LinkedIn Contacts Network – FIVE types of people we MUST have in our network

5 types of people to connect withOur LinkedIn Contacts Network is the second pillar of Linkedin, after our personal profile.

These are our 1st connections. The people we have most contact with through LinkedIn.

And it is like having our address book on LinkedIn. But it’s so much more than that.

  • Linkedin notifies us about (some of) the content they create and share, creating engagement opportunities
  • When we write posts and articles they may see them in their feed, so we can provide value to them
  • We can send them messages through LinkedIn, which can be more effective than sending an email
  • We are notified about their changes such as new jobs, work anniversaries and more
  • When we want to reach out to a new person we can see who are the mutual contacts for an introduction.
  • And we can see their contact details – if they’ve added them

There are other reasons and benefits to having a strong LinkedIn Contacts Network.

But a strong network doesn’t happen by accident. It take some planning and concerted activity to build up a strong network of contacts on LinkedIn.

Who should I include in my LinkedIn Contacts Network?

Our advice is to focus on the following FIVE groups of people as the core of your network:

  1. VIPs, Role Models and Influencers – see section below.
  2. Clients and Customers – so we can build relationships and add value after the sale
  3. Prospects – so we can develop a multi-level relationship before the sale
  4. Colleagues & ex-colleagues – people who should know, like and trust us who may move to different companies
  5. Peers, partners and introducers – collaboration is valuable and LinkedIn is an ideal place to develop foundations for this

In principle you should know these people before you connect. In practice that restricts the value of LinkedIn as a Business Development tool.

Connecting with VIPs, Influencers and Role Models

There is real value in identifying and connecting with significant people on LinkedIn.

Significant is a broad term so let’s consider some of the aims and benefits:

  • These people add credibility to our profile, if/when people see them as shared connections between you,
  • They extend our network to 2nd and 3rd levels rapidly as they are probably very well connected
  • They probably create topical content that we can comment into and share and get good visibility
  • Their profiles provide valuable sign-posting to Skills, LinkedIn Groups, Articles, and other influential people

So who might they be? Here are some suggestions to add into our Linkedin Contacts Network:

  • Speakers at conferences and trade shows in your sector or your prospects sector(s)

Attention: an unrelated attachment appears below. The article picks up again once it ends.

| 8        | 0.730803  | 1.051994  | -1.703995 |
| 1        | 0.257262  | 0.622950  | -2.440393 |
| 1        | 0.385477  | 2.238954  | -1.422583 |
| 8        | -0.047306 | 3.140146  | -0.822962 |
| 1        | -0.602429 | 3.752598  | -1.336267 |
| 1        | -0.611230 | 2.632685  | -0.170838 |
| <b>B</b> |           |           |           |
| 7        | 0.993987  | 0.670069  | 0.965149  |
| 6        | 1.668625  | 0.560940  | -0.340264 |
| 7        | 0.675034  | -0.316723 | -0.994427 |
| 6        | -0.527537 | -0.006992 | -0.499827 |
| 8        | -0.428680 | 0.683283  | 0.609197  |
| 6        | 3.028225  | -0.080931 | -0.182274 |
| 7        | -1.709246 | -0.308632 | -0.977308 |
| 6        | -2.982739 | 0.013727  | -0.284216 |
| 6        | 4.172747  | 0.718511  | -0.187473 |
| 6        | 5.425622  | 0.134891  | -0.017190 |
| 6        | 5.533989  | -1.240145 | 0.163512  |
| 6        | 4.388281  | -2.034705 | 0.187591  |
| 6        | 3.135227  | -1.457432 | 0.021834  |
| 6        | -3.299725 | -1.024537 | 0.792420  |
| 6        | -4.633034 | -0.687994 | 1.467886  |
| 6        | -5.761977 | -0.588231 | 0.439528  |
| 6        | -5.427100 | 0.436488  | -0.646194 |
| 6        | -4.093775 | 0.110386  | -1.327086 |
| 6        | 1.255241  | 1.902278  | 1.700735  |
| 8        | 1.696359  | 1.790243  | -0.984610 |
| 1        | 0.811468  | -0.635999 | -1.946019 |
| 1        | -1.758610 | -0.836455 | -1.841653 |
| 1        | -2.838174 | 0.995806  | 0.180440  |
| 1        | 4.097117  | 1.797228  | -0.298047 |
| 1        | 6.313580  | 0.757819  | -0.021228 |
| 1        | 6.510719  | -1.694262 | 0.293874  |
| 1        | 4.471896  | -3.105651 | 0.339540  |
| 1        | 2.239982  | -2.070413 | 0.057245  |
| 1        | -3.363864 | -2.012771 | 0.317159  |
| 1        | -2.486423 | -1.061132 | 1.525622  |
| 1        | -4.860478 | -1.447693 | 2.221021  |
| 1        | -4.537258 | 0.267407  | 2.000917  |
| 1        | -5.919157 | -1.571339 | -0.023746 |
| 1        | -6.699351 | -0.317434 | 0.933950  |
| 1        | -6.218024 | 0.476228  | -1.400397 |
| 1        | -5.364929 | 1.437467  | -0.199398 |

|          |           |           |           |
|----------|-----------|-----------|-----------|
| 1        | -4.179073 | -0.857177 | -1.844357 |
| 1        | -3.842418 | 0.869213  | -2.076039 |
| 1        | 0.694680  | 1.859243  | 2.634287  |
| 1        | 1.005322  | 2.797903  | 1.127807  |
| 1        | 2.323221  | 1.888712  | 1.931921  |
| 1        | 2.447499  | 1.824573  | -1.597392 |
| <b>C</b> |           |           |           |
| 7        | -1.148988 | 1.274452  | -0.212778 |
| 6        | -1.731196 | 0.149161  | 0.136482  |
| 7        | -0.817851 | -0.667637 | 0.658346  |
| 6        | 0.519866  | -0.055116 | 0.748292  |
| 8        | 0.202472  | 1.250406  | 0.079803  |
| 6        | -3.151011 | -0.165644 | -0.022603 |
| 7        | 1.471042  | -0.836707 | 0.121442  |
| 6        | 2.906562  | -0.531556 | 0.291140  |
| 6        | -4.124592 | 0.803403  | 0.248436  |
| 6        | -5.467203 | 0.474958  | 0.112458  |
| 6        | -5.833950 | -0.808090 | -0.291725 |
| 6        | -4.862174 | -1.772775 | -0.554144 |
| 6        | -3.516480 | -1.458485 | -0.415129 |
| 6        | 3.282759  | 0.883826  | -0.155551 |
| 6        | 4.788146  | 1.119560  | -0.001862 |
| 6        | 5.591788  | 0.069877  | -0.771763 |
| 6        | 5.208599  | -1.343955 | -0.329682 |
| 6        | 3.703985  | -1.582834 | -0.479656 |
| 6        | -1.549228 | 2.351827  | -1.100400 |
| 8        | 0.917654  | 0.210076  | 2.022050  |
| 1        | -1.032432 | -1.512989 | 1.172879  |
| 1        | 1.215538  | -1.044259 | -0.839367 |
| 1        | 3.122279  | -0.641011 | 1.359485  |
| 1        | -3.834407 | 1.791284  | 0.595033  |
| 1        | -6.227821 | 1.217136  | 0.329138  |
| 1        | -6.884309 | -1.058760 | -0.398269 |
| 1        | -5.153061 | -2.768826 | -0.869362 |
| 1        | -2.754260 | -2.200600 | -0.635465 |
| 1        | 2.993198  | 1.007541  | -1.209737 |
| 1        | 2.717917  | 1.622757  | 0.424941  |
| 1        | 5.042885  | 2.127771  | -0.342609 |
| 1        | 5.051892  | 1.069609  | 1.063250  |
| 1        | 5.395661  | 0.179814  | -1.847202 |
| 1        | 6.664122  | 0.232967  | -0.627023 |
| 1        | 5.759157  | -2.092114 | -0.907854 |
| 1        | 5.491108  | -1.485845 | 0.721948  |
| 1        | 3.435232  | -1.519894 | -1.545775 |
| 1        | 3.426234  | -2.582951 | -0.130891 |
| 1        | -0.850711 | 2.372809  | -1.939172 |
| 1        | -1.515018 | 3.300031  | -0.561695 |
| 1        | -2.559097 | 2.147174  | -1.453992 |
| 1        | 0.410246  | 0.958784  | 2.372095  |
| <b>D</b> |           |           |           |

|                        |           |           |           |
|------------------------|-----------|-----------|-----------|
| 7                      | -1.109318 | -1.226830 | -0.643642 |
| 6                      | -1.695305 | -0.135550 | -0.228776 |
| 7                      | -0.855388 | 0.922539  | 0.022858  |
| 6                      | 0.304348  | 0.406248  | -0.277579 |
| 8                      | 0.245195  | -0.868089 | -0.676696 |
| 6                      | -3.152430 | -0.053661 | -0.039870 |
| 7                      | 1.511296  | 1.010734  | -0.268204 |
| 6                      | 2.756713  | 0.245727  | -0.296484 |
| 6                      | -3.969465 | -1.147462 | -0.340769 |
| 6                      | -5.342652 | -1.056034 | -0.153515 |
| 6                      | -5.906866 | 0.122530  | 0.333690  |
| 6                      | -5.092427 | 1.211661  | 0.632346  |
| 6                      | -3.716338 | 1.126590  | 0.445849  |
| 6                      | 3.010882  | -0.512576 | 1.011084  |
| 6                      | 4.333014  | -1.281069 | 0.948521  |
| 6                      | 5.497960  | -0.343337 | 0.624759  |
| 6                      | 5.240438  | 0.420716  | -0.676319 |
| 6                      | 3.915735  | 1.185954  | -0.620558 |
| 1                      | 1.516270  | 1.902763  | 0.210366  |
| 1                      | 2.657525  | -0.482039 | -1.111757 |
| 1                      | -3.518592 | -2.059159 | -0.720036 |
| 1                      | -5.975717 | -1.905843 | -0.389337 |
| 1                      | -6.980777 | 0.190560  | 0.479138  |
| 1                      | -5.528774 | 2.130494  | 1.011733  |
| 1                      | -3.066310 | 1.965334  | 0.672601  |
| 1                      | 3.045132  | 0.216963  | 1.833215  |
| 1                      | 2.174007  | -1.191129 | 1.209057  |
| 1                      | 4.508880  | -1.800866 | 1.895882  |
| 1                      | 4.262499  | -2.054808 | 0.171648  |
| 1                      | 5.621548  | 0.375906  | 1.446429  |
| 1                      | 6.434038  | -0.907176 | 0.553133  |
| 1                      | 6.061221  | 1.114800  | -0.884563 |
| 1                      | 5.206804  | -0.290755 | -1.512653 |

• Leaders of professional associations, trade bodies,
  • Managers and administrators of LinkedIn Groups
  • Thought leaders in the LinkedIn Influencer program

Several years ago I reached out to 12 of the top Sales Directors in the UK and sent a personal connection request. They all connected, and I was able to have an email dialogue will most of them, and phone calls with some. This accelerated my network growth considerably.

How do I build my LinkedIn Contact Network?

A good starting point is to work through your current address book(s), email address file, CRM list and similar. This will give you a start with clients, customers, colleagues etc. who are most likely people who already Know, Like and Trust you.

LinkedIn will prompt you with suggestions of people you may know, based on companies you worked for, education, skills etc. The more background information in your profile the better the suggestions LinkedIn will provide. However it can’t read our minds, and many suggestions will be irrelevant.

You may be prompted to connect your email system to LinkedIn. Be cautious if you do, as you may end up sending an invite to connect to everyone in your email systems if you’re not very careful.

How to respond to Invitations to Connect?

Inevitably you’ll receive many requests to connect. Some people are cautious initially and reject (or ignore) all those from people they don’t know.

But would you go to a networking meeting and refuse to talk to anyone you didn’t previously know?  Probably not.

So, it’s worth developing some criteria to decide which invitations and people to accept into our Linkedin Contacts Network, such as:

  • is the invitation personalised – is there a message with a valid reason given?
  • Are they in your sector, or the sector you’re prospecting into?
  • Are they in your geographic location or territory?
  • Do you have several mutual contacts?

If there is some common ground then you may benefit from accepting their invitation. And it’s a good move to send a message to see if they can help you.

How many LinkedIn Connections should I have in my Network?

There’s no right answer to this question. However getting to 500 connections is a good target to aim at for most experienced professionals.

  • 500 gives a reasonable critical mass – of people to read your content and to read theirs
  • It also means you have a better chance of showing up in searches done by others, and seeing more people in your search results.
  • And you’ll have more people who are 2nd connections who you can invite to connect, to grow your LinkedIn Contacts Network even further, especially if you want to reach out to prospects.

And there’s always the option to Remove a Connection if they are troublesome, or to Hide certain content if it is becomes annoying.

There’s more advice from Linkedin about Building our LinkedIn Contacts Network here.

If you’d like to have a chat about building your network then why not book a call via the banner below.

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